Tesla Motors shares fell 2.5% late last week after news broke that a Model S driver in Florida had died at the wheel in May, after the vehicle’s autopilot failed to spot a large, white tractor trailer crossing its path.
The incident, the first fatal accident in 130 million miles of roadway experience, is now under investigation by the U.S. National Highway Traffic Safety Administration (NHTSA). In a blog post last Thursday, Tesla noted that conventional vehicles record a death every 90 million miles.
“What we know is that the vehicle was on a divided highway with Autopilot engaged when a tractor trailer drove across the highway perpendicular to the Model S,” the automaker reported. “Neither Autopilot nor the driver noticed the white side of the tractor trailer against a brightly-lit sky, so the brake was not applied.”
In the post, Tesla took great pains to emphasize that it “disables Autopilot by default and requires explicit acknowledgement that the system is a new technology and still in a public beta phase before it can be enabled,” RenewEconomy reports.
The disclaimer specifies that Autopilot “is an assist feature that requires you to keep your hands on the steering wheel at all times,” and that “you need to maintain control and responsibility for your vehicle” while using it. But within days of the initial blog post, Electrek was reporting that the driver—Model S enthusiast Joshua D. Brown of Canton, Ohio, who’d previously credited the autopilot feature with saving his life in a near miss caught on video—may have been watching a movie when the fatal crash occurred.
Brown was “playing Harry Potter on the TV screen” and “went so fast through my trailer I didn’t see him,” Okemah Express LLC driver Frank Baressi told AP. “It was still playing when he died and snapped a telephone pole a quarter-mile down the road.” Baressi “acknowledged he couldn’t see the movie, only heard it,” the news service notes.
Electrek points out that the police report on the incident “made no mention of a movie playing,” adding that the video playback in the Model S “is locked to only work for the rear camera feed.” The Florida Highway Patrol later reported that a portable DVD player was found in the car.
The crash was just the latest in a series of announcements that have taken some of the sheen off Tesla’s flawless public image. Earlier in June, the company’s stock dropped 6% on reports that the NHTSA was investigating its suspension systems. Tesla said NHTSA was engaging in “routine screening”, and denied that the non-disclosure clause attached to some of its free repairs was designed to prevent customer complaints to the federal agency.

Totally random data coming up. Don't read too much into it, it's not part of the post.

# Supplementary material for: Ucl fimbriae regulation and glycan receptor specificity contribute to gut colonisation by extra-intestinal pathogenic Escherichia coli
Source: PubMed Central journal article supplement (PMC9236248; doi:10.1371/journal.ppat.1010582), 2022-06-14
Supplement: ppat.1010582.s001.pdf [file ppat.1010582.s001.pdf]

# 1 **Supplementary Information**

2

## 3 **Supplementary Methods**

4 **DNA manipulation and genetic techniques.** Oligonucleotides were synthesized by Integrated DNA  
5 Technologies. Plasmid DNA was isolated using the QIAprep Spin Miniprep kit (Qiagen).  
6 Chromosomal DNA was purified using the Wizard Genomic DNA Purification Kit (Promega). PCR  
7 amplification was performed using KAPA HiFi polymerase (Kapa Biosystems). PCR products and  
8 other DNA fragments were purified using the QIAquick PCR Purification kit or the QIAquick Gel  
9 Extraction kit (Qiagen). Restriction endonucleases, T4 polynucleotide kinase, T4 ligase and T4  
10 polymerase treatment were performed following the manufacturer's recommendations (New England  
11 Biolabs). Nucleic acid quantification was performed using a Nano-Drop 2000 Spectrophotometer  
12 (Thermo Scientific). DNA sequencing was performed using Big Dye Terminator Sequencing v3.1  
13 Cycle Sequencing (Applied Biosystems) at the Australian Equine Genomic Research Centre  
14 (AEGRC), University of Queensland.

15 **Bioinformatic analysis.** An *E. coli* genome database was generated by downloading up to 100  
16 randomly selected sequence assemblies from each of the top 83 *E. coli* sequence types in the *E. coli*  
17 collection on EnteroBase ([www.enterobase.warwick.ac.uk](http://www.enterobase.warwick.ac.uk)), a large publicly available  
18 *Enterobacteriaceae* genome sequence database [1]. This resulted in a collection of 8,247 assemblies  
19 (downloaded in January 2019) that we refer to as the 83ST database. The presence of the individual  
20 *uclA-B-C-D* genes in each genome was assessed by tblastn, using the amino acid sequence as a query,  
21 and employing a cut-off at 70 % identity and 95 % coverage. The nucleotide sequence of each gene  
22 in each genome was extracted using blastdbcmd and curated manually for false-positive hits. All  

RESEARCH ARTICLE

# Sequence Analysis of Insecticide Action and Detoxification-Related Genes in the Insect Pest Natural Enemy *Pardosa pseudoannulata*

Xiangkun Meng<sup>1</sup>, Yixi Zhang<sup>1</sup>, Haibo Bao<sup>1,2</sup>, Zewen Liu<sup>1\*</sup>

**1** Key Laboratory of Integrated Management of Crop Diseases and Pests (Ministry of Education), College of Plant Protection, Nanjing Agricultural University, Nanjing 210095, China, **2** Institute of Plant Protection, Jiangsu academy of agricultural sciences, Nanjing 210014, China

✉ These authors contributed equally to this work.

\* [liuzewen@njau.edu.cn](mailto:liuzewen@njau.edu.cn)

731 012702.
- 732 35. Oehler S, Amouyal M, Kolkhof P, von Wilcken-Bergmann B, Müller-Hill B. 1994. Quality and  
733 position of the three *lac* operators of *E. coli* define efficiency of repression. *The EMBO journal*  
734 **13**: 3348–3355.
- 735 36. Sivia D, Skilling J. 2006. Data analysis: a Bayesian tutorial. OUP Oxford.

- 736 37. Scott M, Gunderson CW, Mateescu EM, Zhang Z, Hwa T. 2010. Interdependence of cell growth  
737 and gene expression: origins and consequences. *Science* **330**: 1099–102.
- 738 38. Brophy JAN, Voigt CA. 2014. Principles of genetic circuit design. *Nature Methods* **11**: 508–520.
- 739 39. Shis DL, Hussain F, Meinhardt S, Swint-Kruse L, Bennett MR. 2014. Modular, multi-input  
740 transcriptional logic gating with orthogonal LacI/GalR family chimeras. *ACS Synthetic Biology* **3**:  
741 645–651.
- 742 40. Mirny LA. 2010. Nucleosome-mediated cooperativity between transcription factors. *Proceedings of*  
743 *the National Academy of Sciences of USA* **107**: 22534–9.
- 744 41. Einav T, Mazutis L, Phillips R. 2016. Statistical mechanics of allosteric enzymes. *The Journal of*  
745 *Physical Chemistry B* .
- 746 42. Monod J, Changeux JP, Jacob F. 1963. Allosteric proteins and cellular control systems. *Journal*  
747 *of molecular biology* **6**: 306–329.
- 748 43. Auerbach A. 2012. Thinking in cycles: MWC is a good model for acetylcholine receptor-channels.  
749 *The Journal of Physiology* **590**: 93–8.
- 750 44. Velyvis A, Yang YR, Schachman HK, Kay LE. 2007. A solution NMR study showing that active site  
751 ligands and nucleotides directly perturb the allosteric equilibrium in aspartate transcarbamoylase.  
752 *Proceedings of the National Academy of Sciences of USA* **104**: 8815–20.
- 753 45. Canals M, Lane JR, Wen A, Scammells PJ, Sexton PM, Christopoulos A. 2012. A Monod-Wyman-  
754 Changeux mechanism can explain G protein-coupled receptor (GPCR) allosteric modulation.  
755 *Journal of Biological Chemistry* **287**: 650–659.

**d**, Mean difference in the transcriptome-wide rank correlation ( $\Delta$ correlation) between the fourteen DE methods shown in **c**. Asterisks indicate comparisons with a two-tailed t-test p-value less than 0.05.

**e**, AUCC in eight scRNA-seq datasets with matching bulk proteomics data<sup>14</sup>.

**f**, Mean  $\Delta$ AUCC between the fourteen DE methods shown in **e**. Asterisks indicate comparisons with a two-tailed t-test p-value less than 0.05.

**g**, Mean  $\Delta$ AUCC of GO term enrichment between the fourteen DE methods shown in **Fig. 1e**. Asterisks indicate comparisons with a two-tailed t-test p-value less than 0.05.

The company “pledged to work with the safety agency to amend the wording of its non-disclosure agreements,” CBC reported at the time. “The NHTSA confirmed it is looking into Tesla’s non-disclosure agreements.”
The New York Times described the “introduction of a nondisclosure agreement into the relationship between car owner and automaker” as “an unusual practice by an unconventional company whose founder, Elon Musk, has roots in Silicon Valley, not Detroit.” After the NHTSA described the provision as “troublesome”, a Tesla spokesperson told the Times that “‘to remove any doubt,’ the automaker would modify the language of the documents to make clear that the goal ‘is to benefit customers, while not harming us for doing a good deed.’”
In May, meanwhile, CBC picked up a San José Mercury News report that Tesla would “look into allegations that a subcontractor at one of its paint facilities was paid as little as US$5 an hour in an unsafe work environment.”
Americans doing similar work in the same part of the country would average US$52 per hour.
“Ostensibly coming to the U.S. in a supervisory role at a BMW plant in South Carolina,” an employee from Slovenia “instead found himself working in numerous hands-on positions at Tesla’s facility in California, which led him to have many injuries, including two broken legs and a concussion suffered during a third-storey fall,” CBC reported. Musk responded that he “will investigate” the story and “make it right.”